Everyone’s talking: standards reform

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I’m a relative newbie when it comes to standards, only being involved for the last 12 or 13 years. I’ve never before seen the amount of attention that is being brought to the idea of standards reform by so many groups of people at various levels of organization. Rather than write a long essay on this, here are some points that people are discussing:

  • The new spirit in Washington brought about by the election of Barack Obama is encouraging people to think of new possibilities around the value of standards to governments as well as government’s role in the creation, implementation, use, and protection of standards.
  • The effective use of standards and open source technologies in the Obama campaign to connect and marshal voters might well be used in the same way with citizens.
  • That said, the potential use of standards to aid in the coming economic recovery and growth is worldwide and at many levels of government. The US has an opportunity to lead, but it is one of many countries that can do so.
  • There is increasing pressure on governments to not just recognize “certified” organizations like ISO but also groups like W3C, OASIS, and OMG. Nobody gets a free pass, but the days of saying something is an “international” standard no longer implies quality or global adoption, at least in IT, in my opinion.
  • There is much work to do in the area of intellectual property and standards, as I’ve spoken about here before, especially as it relates to open source. As I said at LinuxWorld, it’s time for a Creative Commons-like approach where we have 8 – 10 model intellectual property licenses that cover the range of software, hardware, and services standards.
  • Many people working in the area of Internet and Web standards tend to forget that there are many areas of standardization where royalty-free licensing is not common, or at least not automatic. Some of these areas seem to be on their way to royalty-free, though there are powerful, conservative forces trying desperately to slow down the movement in this direction.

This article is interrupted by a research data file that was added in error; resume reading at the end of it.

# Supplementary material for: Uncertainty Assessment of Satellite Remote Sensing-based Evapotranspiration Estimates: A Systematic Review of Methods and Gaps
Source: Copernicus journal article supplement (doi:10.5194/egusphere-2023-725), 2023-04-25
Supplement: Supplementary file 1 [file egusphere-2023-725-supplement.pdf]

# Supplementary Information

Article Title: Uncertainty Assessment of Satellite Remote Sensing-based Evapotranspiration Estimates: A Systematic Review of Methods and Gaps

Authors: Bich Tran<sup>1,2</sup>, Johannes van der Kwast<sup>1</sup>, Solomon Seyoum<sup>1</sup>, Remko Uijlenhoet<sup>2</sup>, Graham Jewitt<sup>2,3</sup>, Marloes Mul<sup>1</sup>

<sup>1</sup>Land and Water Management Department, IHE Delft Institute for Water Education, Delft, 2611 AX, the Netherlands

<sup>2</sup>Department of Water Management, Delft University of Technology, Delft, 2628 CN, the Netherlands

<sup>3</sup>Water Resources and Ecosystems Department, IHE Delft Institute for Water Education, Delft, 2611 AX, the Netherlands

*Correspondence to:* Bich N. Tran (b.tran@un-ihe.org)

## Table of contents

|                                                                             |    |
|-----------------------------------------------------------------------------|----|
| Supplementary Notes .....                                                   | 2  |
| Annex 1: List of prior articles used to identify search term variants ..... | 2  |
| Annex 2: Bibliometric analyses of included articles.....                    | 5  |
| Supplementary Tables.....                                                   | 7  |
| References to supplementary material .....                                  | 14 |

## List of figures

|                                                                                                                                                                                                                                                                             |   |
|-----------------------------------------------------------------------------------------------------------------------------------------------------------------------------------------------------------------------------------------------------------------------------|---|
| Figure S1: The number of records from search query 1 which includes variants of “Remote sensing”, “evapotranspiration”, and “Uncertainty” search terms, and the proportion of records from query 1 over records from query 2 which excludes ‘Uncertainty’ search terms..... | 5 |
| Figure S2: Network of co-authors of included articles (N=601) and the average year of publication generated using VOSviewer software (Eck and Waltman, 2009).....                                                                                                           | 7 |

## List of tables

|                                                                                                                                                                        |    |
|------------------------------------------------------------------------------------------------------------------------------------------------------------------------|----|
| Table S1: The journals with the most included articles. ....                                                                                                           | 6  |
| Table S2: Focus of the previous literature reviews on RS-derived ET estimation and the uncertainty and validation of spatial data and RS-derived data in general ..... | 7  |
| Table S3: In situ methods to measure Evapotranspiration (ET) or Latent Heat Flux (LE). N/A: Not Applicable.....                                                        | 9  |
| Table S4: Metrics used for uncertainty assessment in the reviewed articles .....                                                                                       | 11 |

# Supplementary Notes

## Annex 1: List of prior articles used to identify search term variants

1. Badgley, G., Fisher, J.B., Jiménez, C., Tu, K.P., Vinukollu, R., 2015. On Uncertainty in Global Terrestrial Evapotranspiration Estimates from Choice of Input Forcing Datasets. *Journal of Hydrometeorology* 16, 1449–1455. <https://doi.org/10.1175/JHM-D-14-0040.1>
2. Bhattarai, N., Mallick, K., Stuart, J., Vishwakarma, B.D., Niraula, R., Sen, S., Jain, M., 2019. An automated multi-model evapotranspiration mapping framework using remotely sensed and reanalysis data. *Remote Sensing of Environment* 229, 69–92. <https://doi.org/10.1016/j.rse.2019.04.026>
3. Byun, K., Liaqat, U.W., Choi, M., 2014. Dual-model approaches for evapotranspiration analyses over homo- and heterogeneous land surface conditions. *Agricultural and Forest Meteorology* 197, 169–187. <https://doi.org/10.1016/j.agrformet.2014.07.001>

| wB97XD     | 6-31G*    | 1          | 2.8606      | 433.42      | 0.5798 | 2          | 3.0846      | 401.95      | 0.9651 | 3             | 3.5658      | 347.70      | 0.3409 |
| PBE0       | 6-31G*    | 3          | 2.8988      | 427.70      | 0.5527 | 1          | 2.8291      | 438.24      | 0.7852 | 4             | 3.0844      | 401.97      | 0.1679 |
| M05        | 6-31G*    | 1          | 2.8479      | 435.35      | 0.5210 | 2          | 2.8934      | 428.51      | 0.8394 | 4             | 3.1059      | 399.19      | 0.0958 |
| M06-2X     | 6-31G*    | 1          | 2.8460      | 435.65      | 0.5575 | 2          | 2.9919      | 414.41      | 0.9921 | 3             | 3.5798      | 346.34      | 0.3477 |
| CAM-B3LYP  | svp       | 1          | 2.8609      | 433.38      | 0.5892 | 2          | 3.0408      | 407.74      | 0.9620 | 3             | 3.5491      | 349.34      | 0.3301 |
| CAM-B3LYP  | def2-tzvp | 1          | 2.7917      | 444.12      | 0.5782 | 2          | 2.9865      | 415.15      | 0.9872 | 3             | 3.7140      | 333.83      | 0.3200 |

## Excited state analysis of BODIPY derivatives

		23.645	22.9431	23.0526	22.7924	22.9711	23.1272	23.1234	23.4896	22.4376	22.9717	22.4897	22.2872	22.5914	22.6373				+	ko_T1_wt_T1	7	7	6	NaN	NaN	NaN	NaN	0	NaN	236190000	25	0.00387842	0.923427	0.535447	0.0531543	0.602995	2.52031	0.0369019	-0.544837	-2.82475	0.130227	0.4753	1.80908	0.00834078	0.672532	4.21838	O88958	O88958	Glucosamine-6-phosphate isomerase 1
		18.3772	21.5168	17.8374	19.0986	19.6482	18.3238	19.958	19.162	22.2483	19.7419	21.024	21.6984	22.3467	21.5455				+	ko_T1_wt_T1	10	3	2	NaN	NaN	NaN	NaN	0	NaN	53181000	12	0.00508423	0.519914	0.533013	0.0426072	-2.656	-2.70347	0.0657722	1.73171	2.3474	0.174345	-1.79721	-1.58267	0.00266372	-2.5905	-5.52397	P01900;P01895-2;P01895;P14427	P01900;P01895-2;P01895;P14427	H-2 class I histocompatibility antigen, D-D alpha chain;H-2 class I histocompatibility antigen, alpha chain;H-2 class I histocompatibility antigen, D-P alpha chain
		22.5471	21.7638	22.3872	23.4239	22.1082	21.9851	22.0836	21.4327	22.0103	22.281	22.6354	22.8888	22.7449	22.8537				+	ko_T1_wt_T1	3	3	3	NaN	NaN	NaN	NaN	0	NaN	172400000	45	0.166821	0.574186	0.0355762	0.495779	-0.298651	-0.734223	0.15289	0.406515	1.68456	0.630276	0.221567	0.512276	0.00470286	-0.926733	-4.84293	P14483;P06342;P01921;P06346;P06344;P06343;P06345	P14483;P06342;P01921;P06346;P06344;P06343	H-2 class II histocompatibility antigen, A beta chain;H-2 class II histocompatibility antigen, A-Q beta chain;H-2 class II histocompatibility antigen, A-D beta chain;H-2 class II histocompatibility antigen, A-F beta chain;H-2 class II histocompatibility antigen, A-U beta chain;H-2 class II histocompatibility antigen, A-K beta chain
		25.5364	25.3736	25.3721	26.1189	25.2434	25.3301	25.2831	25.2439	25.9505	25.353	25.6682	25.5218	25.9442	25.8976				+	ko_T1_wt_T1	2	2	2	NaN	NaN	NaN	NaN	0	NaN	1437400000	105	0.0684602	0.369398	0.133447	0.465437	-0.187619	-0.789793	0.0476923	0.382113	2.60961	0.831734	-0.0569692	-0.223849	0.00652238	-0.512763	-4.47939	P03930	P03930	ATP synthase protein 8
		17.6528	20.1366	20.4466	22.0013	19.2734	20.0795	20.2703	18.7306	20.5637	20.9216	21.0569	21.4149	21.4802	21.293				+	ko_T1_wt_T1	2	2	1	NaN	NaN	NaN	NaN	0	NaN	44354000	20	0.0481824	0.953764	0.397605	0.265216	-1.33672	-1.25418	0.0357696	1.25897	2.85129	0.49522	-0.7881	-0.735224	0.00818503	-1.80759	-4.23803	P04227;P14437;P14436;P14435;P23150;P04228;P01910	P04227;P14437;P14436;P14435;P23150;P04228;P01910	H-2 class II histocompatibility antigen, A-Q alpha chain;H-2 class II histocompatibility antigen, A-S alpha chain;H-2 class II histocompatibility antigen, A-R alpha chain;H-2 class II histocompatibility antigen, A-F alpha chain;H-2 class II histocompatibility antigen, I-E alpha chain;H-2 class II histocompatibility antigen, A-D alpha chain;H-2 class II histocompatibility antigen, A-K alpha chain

• In the non-RF areas, there is more and more pressure to have ex ante disclosures of patents and/or licensing terms before a standard effort starts or at least gets too far along. A patent might become much more profitable if a critical standard gets created that uses the patent. What is the government’s role concerning intellectual property and standards? What government are we talking about? Should it tackle the problems with standards and patent trolls?
  • Measuring the quality of standards is difficult. I’ve previously spoken about what quality might mean, and suggested that having a “Michelin Guide” for standards would be a big help to users.
  • However, the first question I usually get when I suggest this is “who gets to create the guide and why should we care what they say?”. Well, there could be multiple guides and over time the “winner” might become clear. There might be different winners in different areas of standardization.
  • Various people to whom I’ve spoken about this have convinced me that this approach is too formal, too stuffy, and too resource intensive.
  • Therefore I’m now trying to talk up the idea that there could be a “standards review” website hosted by some trusted and neutral party where “standardized” basic information about standards is collected, modern tagging and categorization is used, and the rankings and reviews for standards along various dimensions comes from the community. Rather than being a massive, dull cataloging effort, it needs to be organic and as automatic as possible, using Web 2.0 technologies where beneficial.